THE YEARLY READER

1973: Take My Division, Please

In one of the closest—and mediocre—pennant races in history, the New York Mets emerge on top of the NL East with an ordinary 82-79 record, then show extraordinary gains in the postseason against powerhouse opponents Cincinnati and Oakland.

Willie Mays argues with umpire during 1973 World Series

In his final year as a ballplayer, Willie Mays pleads with umpire Augie Donatelli after a disputed call works against the New York Mets in the World Series. Before catching fire at season’s end, Mays’ Mets—and five other second-rate NL East teams—were pleading with skeptics just to be taken seriously. (Associated Press)

Sooner or later, it was bound to happen.

After the National and American Leagues each split their ranks into two six-team divisions in 1969, there was a fear that the team who played best over 162 games wouldn’t necessarily win the pennant, beaten instead by a “backdoor champion”—an inferior opponent from an inferior division, a team that could get lucky and catch fire when it mattered the most, at playoff time. A team that, in the old pre-divisional format, would have barely registered in the pennant race.

In 1973, the National League’s Eastern Division would serve up a backdoor champion that practically had to be pushed through the door. It was a comical campaign in which six mediocre teams treated first place like a live hand grenade, frantically tossing it around to one another as if to say, “Here, you take it!”

When the New York Mets were left holding the grenade to finish the regular season, they didn’t go ka-boom in the postseason as expected. Instead, they dug in and took on powerhouses in the Cincinnati Reds and Oakland A’s—and went the distance in an attempt to forge one of baseball’s greatest upsets.

After shocking the world with their miracle performance of 1969, the Mets regressed back into baseball’s middle class, struggling to stay above the .500 mark for three years. They were especially challenged in 1972 with the death of highly respected manager Gil Hodges and a horrible trade that gave them a depreciated Jim Fregosi at the cost of four Mets—including Nolan Ryan. Even with the reliable Yogi Berra settling in as Hodges’ replacement, none of the preseason pundits thought highly of the Mets for 1973.

Then again, no one thought highly of anyone in the NL East. And for good reason.

The Pittsburgh Pirates, beset by the tragic offseason death of Roberto Clemente, were considered handicapped in their quest for a fourth straight NL East title. The St. Louis Cardinals were confident they could rekindle their glory days of the 1960s, though their roster was a collection of aging veterans and young prospects—with little in between. Same for the Chicago Cubs, an even older squad trying to carry over the momentum from a strong finish in 1972. The Philadelphia Phillies were hoping to rally the youthful bulk of their roster—including two promising young sluggers in Mike Schmidt and Greg Luzinski—to improve on a disastrous 1972 season. And there was even some buzzing in Montreal, where the Expos were slowly starting to grow out of their expansion infancy.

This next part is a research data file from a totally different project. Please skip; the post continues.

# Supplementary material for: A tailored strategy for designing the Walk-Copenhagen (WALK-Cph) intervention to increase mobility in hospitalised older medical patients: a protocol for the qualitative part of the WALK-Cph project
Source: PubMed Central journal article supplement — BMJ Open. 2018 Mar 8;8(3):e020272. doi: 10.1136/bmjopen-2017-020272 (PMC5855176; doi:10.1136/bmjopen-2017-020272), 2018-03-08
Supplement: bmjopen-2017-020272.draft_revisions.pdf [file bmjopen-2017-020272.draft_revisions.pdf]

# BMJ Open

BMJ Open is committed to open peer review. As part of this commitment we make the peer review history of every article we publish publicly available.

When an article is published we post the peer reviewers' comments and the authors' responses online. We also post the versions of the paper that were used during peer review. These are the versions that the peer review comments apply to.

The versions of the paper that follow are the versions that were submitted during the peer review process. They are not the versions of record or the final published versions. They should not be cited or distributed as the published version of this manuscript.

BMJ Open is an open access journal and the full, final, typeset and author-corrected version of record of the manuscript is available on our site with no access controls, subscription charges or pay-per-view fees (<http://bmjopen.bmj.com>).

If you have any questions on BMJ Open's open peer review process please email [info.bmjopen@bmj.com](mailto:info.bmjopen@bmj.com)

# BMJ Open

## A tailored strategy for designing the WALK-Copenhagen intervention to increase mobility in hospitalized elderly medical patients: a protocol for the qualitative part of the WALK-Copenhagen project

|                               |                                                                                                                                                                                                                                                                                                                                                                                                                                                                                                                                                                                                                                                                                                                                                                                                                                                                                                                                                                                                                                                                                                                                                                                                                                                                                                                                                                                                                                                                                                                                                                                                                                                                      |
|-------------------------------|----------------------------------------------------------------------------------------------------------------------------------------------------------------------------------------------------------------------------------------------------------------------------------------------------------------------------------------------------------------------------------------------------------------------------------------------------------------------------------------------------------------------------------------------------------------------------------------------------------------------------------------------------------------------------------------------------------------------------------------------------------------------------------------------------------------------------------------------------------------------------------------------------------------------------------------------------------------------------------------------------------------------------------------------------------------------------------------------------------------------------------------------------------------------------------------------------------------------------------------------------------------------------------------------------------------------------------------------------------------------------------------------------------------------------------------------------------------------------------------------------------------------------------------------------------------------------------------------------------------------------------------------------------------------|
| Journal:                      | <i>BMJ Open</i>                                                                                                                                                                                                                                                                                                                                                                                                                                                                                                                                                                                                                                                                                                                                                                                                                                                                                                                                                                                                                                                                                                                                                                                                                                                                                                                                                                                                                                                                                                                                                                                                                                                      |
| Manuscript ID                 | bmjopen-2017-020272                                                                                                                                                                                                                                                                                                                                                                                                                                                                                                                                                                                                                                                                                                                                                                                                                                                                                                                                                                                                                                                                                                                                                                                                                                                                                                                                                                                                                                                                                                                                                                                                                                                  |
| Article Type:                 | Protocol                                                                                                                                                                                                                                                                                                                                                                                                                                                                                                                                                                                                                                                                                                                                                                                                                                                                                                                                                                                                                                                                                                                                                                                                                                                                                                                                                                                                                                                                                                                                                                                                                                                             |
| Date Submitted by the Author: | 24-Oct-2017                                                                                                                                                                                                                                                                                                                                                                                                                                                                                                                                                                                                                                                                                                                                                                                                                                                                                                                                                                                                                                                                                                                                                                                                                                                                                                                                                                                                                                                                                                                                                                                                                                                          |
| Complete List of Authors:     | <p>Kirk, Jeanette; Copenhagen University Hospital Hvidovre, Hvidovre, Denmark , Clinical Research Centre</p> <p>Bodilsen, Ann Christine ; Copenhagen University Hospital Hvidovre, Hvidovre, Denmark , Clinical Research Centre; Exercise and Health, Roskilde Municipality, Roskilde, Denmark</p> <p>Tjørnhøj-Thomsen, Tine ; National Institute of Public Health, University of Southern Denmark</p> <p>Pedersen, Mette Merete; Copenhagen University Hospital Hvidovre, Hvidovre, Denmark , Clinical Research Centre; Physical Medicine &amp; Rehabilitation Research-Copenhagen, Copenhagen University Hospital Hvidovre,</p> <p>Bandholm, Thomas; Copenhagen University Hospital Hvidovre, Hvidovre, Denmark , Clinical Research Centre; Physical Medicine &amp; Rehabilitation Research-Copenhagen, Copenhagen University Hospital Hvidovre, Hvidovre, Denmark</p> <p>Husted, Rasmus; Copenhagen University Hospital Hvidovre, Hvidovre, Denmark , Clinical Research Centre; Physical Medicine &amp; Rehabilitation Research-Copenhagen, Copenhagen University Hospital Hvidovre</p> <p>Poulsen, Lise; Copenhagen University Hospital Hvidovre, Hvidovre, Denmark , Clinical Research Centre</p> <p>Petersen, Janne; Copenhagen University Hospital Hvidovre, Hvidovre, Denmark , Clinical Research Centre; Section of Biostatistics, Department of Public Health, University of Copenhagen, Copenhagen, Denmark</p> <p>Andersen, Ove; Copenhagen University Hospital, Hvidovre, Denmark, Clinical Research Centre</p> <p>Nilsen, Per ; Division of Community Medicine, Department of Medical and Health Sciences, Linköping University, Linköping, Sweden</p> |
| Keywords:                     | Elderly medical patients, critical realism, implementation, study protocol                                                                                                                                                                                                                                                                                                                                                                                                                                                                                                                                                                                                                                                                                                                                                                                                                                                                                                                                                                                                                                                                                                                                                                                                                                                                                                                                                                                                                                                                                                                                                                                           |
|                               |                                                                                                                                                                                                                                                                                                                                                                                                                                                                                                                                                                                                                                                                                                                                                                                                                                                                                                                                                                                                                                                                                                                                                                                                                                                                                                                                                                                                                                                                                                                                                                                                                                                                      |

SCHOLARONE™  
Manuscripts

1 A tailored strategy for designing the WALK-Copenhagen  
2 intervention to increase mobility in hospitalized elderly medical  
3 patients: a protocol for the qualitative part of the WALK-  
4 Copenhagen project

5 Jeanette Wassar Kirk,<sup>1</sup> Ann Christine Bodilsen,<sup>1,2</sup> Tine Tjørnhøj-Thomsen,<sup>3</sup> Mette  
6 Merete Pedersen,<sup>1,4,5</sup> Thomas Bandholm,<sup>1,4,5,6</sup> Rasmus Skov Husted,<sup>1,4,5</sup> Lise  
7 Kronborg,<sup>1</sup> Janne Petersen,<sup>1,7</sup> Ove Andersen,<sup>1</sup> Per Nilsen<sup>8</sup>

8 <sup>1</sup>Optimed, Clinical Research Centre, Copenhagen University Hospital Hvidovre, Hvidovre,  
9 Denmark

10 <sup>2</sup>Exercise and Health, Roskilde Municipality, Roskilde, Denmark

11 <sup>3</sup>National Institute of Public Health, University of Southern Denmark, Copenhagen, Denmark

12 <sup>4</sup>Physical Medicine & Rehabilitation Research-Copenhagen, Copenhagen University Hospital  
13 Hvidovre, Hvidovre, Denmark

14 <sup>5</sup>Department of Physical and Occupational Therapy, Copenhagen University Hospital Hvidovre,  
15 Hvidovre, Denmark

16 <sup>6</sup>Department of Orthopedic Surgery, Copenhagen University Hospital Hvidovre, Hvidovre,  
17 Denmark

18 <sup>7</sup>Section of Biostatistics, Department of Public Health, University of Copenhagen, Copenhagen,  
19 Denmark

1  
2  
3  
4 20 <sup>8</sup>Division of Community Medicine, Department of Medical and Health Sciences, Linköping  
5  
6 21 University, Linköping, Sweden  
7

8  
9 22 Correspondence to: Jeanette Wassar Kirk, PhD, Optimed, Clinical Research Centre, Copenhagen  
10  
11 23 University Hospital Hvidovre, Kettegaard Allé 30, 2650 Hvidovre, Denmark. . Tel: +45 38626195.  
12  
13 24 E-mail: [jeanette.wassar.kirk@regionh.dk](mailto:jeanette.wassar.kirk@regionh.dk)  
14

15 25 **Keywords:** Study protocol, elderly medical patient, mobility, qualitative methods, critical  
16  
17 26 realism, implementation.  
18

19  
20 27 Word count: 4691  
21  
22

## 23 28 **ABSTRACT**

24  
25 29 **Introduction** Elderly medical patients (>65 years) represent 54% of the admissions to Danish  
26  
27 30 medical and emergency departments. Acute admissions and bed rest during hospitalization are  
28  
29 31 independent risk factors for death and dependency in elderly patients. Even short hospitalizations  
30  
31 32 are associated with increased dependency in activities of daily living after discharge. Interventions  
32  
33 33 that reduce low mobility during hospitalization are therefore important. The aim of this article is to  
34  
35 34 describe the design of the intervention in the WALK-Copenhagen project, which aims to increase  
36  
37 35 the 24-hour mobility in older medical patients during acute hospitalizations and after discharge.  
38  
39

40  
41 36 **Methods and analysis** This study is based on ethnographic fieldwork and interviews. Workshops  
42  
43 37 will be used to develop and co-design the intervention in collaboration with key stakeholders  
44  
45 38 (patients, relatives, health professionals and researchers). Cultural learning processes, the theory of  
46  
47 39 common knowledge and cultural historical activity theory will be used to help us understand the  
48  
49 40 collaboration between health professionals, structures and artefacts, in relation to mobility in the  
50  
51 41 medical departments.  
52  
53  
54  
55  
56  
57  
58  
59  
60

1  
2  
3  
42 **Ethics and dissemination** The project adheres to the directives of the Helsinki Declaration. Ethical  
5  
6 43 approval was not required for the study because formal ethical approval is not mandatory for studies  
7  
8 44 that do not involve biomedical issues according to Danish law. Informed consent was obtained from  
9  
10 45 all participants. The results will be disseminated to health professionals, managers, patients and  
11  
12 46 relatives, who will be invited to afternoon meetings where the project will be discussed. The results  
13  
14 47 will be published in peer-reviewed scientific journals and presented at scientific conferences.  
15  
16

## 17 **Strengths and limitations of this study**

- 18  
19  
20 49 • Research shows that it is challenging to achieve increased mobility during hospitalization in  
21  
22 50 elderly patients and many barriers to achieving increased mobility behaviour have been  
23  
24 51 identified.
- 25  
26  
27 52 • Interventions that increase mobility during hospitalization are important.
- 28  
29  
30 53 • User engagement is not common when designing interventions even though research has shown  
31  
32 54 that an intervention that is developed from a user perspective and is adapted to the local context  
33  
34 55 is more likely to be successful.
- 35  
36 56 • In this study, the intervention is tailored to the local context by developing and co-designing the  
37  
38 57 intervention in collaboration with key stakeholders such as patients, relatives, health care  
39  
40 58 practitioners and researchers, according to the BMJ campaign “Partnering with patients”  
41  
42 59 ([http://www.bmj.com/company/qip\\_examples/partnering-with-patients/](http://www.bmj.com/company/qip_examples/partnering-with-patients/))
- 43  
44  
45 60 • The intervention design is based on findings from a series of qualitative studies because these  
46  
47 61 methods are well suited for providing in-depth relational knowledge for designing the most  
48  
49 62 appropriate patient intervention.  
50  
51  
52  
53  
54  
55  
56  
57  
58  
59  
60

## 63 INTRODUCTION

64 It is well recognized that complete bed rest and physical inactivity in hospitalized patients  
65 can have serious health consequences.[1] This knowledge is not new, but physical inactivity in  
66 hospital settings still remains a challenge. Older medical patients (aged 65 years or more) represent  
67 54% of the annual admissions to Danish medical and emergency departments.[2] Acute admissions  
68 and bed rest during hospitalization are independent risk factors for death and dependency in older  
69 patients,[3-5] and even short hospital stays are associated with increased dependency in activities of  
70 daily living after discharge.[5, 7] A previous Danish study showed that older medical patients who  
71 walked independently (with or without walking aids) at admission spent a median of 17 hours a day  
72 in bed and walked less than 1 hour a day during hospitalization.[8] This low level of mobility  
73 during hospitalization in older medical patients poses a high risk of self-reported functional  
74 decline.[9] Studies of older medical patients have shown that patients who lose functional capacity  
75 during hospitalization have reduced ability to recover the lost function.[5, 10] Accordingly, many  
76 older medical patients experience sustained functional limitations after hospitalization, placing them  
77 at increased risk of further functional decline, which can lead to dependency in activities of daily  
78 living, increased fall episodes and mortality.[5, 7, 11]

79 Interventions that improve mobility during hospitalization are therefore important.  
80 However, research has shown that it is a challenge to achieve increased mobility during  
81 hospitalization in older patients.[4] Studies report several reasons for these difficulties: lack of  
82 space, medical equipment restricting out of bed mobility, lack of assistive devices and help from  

As the 1973 season progressed, it was possible that a winning record wouldn’t be required to take first place in the “NL Least,” as some people sarcastically began to label it.

The Pirates sped out of the gate but quickly conceded their lead to the Cubs, who for the first half of the season actually looked like a genuine power, threatening to make the divisional race a non-issue by July. But by midsummer, Chicago suffered a startling collapse—losing 33 of 42 games to drop like a rock in the standings and ignite a wide-open race for the top. This paved the way for St. Louis, stunningly climbing its way to the top spot after a horrendous 5-20 start. And just when the Cardinals appeared ready to run away with the division, the injury bug hit them in the worst way, as a season-ending knee injury befell 37-year-old pitching ace and team spiritual leader Bob Gibson.

The Ups and Downs of the NL East

Like musical chairs, each of the six NL East teams experienced serious brushes with both first and last place during the 1973 season.

High and Low Points for Each NL East team, 1973

By the end of August, fans couldn’t believe what they were seeing in the paper: A mere six games separating first place from last in the NL East. Holding up the rear, as they had for most of the summer: The Mets.

Throughout the summer, the Mets had been grounded in the standings, devastated by injuries and flogged by the local press. The New York Post, never one for subtlety, shouted out a poll asking readers who in the Mets’ front office—beloved manager Yogi Berra included—should be fired. If anyone was to win this NL East race, any mention of the Mets would elicit a sarcastic chuckle.